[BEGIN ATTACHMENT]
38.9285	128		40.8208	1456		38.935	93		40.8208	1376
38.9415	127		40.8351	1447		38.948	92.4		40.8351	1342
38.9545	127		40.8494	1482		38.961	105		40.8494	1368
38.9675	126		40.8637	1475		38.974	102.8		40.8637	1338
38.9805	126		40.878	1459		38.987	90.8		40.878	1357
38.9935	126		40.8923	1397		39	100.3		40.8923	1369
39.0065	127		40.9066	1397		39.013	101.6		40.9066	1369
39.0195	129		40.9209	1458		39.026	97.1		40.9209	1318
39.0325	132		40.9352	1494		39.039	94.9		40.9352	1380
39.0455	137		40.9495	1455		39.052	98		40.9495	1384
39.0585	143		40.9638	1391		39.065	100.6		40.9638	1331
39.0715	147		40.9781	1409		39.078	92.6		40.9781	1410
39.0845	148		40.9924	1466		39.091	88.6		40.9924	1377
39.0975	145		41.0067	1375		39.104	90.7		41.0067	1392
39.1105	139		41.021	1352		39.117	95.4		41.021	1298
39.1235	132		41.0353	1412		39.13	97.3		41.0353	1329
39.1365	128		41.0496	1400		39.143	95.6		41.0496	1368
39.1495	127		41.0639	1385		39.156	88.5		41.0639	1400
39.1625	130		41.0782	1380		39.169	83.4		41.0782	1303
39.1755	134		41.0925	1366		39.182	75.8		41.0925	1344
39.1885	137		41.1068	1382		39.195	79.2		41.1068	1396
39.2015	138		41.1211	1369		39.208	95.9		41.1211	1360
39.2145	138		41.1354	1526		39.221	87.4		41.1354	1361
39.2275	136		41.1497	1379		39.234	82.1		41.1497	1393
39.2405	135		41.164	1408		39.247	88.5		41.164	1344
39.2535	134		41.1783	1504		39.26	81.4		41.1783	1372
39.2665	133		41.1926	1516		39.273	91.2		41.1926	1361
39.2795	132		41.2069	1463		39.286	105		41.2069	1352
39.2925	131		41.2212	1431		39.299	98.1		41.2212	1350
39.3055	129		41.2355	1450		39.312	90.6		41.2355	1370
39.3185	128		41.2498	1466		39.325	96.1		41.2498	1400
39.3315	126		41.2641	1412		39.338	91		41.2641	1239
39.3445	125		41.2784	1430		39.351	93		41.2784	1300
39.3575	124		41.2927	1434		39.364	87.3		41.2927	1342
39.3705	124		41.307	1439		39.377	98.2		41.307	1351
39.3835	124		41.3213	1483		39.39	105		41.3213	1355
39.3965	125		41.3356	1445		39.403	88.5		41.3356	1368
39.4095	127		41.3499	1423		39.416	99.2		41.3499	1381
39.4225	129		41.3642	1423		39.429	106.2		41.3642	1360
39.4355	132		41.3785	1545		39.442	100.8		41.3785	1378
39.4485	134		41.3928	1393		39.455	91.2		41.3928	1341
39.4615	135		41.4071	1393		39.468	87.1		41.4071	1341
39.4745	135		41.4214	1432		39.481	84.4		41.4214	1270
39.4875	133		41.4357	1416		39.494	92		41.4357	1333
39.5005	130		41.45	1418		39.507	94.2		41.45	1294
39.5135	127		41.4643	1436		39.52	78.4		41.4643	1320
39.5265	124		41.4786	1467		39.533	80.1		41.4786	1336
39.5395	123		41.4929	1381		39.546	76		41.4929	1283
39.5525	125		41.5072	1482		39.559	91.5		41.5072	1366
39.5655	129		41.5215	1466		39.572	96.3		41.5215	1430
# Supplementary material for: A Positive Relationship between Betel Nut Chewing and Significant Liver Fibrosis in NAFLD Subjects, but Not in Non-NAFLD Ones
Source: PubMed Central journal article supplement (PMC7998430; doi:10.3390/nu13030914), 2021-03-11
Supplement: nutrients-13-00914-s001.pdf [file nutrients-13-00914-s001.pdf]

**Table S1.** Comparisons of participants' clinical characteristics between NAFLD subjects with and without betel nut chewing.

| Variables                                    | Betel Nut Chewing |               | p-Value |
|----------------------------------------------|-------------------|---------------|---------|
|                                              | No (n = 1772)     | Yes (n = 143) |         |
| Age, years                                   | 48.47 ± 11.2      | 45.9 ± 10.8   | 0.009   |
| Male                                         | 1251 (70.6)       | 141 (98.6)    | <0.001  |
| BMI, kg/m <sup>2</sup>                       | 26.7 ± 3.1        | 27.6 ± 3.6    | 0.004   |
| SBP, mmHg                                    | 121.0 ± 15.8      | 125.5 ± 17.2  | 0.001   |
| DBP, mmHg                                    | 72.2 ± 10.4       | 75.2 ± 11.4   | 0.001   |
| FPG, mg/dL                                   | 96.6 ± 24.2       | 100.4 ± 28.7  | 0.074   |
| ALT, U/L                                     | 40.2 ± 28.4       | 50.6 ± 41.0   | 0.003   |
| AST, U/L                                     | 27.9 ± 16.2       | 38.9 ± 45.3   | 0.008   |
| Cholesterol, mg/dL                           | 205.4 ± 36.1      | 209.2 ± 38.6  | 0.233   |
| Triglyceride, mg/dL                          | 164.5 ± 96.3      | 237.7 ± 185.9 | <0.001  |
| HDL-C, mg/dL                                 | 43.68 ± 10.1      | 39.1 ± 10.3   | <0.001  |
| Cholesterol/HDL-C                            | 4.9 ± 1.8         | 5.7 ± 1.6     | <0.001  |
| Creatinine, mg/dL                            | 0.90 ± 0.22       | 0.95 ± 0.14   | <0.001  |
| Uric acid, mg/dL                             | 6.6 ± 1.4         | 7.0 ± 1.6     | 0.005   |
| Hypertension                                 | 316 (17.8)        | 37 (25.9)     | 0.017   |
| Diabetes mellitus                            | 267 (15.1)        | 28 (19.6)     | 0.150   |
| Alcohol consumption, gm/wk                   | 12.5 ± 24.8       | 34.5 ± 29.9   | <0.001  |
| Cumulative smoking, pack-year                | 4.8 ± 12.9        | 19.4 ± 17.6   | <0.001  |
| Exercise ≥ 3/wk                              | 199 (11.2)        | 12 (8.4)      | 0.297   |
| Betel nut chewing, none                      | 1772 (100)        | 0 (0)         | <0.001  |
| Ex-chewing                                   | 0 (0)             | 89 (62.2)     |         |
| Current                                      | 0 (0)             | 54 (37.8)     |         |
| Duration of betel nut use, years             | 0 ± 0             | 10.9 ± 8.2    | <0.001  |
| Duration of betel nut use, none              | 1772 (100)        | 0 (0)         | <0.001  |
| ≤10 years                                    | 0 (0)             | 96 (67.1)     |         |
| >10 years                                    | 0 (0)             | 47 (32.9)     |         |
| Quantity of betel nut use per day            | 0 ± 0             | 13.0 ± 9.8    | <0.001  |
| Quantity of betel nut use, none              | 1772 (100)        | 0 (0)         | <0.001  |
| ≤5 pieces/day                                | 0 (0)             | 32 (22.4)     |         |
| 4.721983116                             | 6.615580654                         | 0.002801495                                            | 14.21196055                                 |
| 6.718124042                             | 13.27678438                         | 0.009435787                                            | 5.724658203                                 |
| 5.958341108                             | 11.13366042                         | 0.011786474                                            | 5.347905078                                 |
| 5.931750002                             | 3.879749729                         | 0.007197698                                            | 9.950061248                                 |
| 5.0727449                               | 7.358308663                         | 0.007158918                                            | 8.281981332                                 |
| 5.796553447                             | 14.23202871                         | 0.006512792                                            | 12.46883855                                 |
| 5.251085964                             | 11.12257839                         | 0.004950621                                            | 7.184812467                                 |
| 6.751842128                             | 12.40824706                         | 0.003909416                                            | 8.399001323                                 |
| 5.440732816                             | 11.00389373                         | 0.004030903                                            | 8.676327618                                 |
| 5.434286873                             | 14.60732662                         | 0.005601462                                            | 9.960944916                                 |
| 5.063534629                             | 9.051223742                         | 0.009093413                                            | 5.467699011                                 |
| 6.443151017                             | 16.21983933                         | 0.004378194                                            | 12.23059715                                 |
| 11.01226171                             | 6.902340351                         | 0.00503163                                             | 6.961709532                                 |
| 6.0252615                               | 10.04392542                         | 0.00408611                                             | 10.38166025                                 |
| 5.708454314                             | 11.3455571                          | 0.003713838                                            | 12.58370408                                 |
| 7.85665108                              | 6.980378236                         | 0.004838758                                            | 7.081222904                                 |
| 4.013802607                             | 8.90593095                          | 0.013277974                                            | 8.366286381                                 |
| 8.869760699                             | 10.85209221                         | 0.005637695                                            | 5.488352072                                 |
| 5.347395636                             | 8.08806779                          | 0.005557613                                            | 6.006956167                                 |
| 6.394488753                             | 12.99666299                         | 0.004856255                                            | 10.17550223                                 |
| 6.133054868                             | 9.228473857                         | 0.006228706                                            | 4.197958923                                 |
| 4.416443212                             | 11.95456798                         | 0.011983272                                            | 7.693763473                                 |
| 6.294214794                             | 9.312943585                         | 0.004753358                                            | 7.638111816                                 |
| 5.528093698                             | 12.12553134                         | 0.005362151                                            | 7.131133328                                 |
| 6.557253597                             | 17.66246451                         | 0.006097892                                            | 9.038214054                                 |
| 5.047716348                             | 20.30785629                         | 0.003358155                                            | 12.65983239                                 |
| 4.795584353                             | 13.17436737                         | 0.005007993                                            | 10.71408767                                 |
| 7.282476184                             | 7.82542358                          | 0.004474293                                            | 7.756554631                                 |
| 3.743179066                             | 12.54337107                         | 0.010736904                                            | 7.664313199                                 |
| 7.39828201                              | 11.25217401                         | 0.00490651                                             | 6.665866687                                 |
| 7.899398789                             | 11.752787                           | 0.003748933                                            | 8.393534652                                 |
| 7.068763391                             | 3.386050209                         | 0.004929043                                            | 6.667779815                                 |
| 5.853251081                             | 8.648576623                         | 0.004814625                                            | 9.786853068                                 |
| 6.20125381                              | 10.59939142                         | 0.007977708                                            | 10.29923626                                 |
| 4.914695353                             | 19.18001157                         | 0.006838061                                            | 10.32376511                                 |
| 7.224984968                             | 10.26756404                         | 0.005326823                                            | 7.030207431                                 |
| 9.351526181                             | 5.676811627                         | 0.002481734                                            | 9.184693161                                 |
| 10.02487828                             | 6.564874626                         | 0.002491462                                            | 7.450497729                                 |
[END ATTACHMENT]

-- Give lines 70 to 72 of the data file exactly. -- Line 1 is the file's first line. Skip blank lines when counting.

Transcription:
| Creatinine, mg/dL                            | 0.90 ± 0.22       | 0.95 ± 0.14   | <0.001  |
| Uric acid, mg/dL                             | 6.6 ± 1.4         | 7.0 ± 1.6     | 0.005   |
| Hypertension                                 | 316 (17.8)        | 37 (25.9)     | 0.017   |